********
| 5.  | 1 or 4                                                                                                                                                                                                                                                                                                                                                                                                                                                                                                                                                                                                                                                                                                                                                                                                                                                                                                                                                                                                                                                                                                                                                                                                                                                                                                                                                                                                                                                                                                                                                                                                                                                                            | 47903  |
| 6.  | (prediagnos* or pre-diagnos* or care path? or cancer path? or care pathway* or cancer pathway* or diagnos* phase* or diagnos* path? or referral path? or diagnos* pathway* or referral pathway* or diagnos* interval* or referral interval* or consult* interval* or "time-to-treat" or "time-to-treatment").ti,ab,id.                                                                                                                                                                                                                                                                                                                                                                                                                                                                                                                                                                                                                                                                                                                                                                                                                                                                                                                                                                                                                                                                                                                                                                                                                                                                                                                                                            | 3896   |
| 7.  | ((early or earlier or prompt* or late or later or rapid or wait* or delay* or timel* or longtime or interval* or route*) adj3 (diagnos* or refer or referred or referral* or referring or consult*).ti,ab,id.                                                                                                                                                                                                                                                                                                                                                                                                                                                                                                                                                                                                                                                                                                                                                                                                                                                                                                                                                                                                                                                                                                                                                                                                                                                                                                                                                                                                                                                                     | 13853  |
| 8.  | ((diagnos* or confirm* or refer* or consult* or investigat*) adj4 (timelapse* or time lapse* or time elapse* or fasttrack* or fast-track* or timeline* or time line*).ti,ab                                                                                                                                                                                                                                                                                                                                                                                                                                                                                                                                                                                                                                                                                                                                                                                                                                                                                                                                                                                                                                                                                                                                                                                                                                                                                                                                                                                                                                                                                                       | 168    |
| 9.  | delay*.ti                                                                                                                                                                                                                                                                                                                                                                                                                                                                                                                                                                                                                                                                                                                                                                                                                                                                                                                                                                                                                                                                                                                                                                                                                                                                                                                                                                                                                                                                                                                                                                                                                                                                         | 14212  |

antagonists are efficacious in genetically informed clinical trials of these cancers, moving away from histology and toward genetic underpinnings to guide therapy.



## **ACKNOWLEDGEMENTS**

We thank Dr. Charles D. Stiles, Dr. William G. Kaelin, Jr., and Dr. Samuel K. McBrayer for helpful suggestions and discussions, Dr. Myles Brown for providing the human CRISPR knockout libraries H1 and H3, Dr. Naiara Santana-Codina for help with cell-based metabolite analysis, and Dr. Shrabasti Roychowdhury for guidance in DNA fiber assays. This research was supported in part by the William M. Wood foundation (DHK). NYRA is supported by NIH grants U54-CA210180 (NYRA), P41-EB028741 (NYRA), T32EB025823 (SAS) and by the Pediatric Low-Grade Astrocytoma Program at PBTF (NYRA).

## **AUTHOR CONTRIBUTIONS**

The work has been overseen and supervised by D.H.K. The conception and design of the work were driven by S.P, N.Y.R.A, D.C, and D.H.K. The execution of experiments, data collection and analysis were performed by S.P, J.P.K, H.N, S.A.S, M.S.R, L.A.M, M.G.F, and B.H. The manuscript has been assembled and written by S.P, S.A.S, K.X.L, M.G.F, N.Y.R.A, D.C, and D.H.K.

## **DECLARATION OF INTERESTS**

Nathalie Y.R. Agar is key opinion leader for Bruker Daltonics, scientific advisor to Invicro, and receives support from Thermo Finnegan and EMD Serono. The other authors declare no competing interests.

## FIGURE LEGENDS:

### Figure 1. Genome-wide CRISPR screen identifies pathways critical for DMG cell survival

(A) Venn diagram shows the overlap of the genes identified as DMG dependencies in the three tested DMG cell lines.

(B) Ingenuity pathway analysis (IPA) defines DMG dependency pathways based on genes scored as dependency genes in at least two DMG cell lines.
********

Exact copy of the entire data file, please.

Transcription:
| 5.  | 1 or 4                                                                                                                                                                                                                                                                                                                                                                                                                                                                                                                                                                                                                                                                                                                                                                                                                                                                                                                                                                                                                                                                                                                                                                                                                                                                                                                                                                                                                                                                                                                                                                                                                                                                            | 47903  |
| 6.  | (prediagnos* or pre-diagnos* or care path? or cancer path? or care pathway* or cancer pathway* or diagnos* phase* or diagnos* path? or referral path? or diagnos* pathway* or referral pathway* or diagnos* interval* or referral interval* or consult* interval* or "time-to-treat" or "time-to-treatment").ti,ab,id.                                                                                                                                                                                                                                                                                                                                                                                                                                                                                                                                                                                                                                                                                                                                                                                                                                                                                                                                                                                                                                                                                                                                                                                                                                                                                                                                                            | 3896   |
| 7.  | ((early or earlier or prompt* or late or later or rapid or wait* or delay* or timel* or longtime or interval* or route*) adj3 (diagnos* or refer or referred or referral* or referring or consult*).ti,ab,id.                                                                                                                                                                                                                                                                                                                                                                                                                                                                                                                                                                                                                                                                                                                                                                                                                                                                                                                                                                                                                                                                                                                                                                                                                                                                                                                                                                                                                                                                     | 13853  |
| 8.  | ((diagnos* or confirm* or refer* or consult* or investigat*) adj4 (timelapse* or time lapse* or time elapse* or fasttrack* or fast-track* or timeline* or time line*).ti,ab                                                                                                                                                                                                                                                                                                                                                                                                                                                                                                                                                                                                                                                                                                                                                                                                                                                                                                                                                                                                                                                                                                                                                                                                                                                                                                                                                                                                                                                                                                       | 168    |
| 9.  | delay*.ti                                                                                                                                                                                                                                                                                                                                                                                                                                                                                                                                                                                                                                                                                                                                                                                                                                                                                                                                                                                                                                                                                                                                                                                                                                                                                                                                                                                                                                                                                                                                                                                                                                                                         | 14212  |

antagonists are efficacious in genetically informed clinical trials of these cancers, moving away from histology and toward genetic underpinnings to guide therapy.



## **ACKNOWLEDGEMENTS**

We thank Dr. Charles D. Stiles, Dr. William G. Kaelin, Jr., and Dr. Samuel K. McBrayer for helpful suggestions and discussions, Dr. Myles Brown for providing the human CRISPR knockout libraries H1 and H3, Dr. Naiara Santana-Codina for help with cell-based metabolite analysis, and Dr. Shrabasti Roychowdhury for guidance in DNA fiber assays. This research was supported in part by the William M. Wood foundation (DHK). NYRA is supported by NIH grants U54-CA210180 (NYRA), P41-EB028741 (NYRA), T32EB025823 (SAS) and by the Pediatric Low-Grade Astrocytoma Program at PBTF (NYRA).

## **AUTHOR CONTRIBUTIONS**

The work has been overseen and supervised by D.H.K. The conception and design of the work were driven by S.P, N.Y.R.A, D.C, and D.H.K. The execution of experiments, data collection and analysis were performed by S.P, J.P.K, H.N, S.A.S, M.S.R, L.A.M, M.G.F, and B.H. The manuscript has been assembled and written by S.P, S.A.S, K.X.L, M.G.F, N.Y.R.A, D.C, and D.H.K.

## **DECLARATION OF INTERESTS**

Nathalie Y.R. Agar is key opinion leader for Bruker Daltonics, scientific advisor to Invicro, and receives support from Thermo Finnegan and EMD Serono. The other authors declare no competing interests.

## FIGURE LEGENDS:

### Figure 1. Genome-wide CRISPR screen identifies pathways critical for DMG cell survival

(A) Venn diagram shows the overlap of the genes identified as DMG dependencies in the three tested DMG cell lines.

(B) Ingenuity pathway analysis (IPA) defines DMG dependency pathways based on genes scored as dependency genes in at least two DMG cell lines.